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Tech rescue: how IoT and AI can help save lives

September 25, 2019

Anthony Bartolo   

Blog contributor

With climate change high on the political agenda and natural disasters a regular occurrence, impacting populations around the world, we look at how IoT and AI are providing solutions and support in dangerous situations. 

In 110 AD, an earthquake is believed to have hit the Dian Kingdom in China, likely killing thousands without warning.

Around 20 years later, a scholar named Zhang Heng developed an ornate device designed to monitor movements in the earth. This early seismograph resembled a bronze vase, with eight dragons’ heads mounted on the outside, one for each of the main compass points. Each of the creatures had a ball in its mouth, which would be dislodged if shockwaves were detected, indicating the direction from which the seismic activity had occurred.

While the instrument could only notify observers of earthquakes that had already happened, in a time when sending messages could take weeks, it could still help when it came to sending assistance as swiftly as possible. Indeed, a few years later, one of the dragon’s balls dropped and a few days later a messenger arrived with news of a quake several hundred miles to the west – exactly as the detector had indicated.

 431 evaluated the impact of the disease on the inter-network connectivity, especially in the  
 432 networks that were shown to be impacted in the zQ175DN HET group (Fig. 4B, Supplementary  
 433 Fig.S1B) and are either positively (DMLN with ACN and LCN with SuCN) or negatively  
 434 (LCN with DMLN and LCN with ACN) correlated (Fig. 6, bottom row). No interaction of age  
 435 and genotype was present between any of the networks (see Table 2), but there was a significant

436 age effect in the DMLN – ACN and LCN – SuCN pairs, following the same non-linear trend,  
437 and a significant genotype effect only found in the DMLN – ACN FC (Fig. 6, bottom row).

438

“Nearly 2000 years on and even the most advanced early warning systems can only give a few seconds notice of an impending earthquake, but advances in the internet of things (IoT) mean we don’t have to rely on decorative dragons anymore.”

At fault

 The state of California is no stranger to earthquakes. It has a history of devastating tremors, with a 6+ magnitude pair in July responsible for buckled highways and damaged gas lines – but a recently launched early warning system could help to save lives in the event of another ‘Big One’ striking a major city and wreaking havoc.

SkyAlert is an IoT-based early warning system that is soon to launch in California, Oregon and Washington, but has been active in Mexico for a number of years, where it has around six million users. It uses a network of seismometers embedded in the walls of buildings to measure tectonic activity throughout the region. These sensors are connected by fibre-optic cables and only buildings with emergency back-up power are chosen to ensure there are no dropouts in connectivity.

When seismic motion is detected, a cloud-based platform sends notifications to users’ smartphones and wearables and activates standalone warning devices installed at schools and businesses in at-risk areas. Alerts are colour-coded depending on the intensity of the earthquake, with louder alarm sounds for more serious tremors. People who only respond to a quake when the shaking starts are likely to waste precious time working out what to do, which could increase their chance of injury or death, but SkyAlert can warn people up to two minutes before it strikes – 40 seconds sooner than other systems.

The system’s work isn’t done when the shaking stops either. Its standalone warning devices are based on Raspberry Pi computers and include accelerometers, plus Zigbee modules that are capable of detecting the presence of smoke and natural gas, so an initial assessment of the damage to the building can be made remotely. Users can also use the app to ask for help in the aftermath of a disaster, with a live emergency chat room allowing them to communicate effectively with help.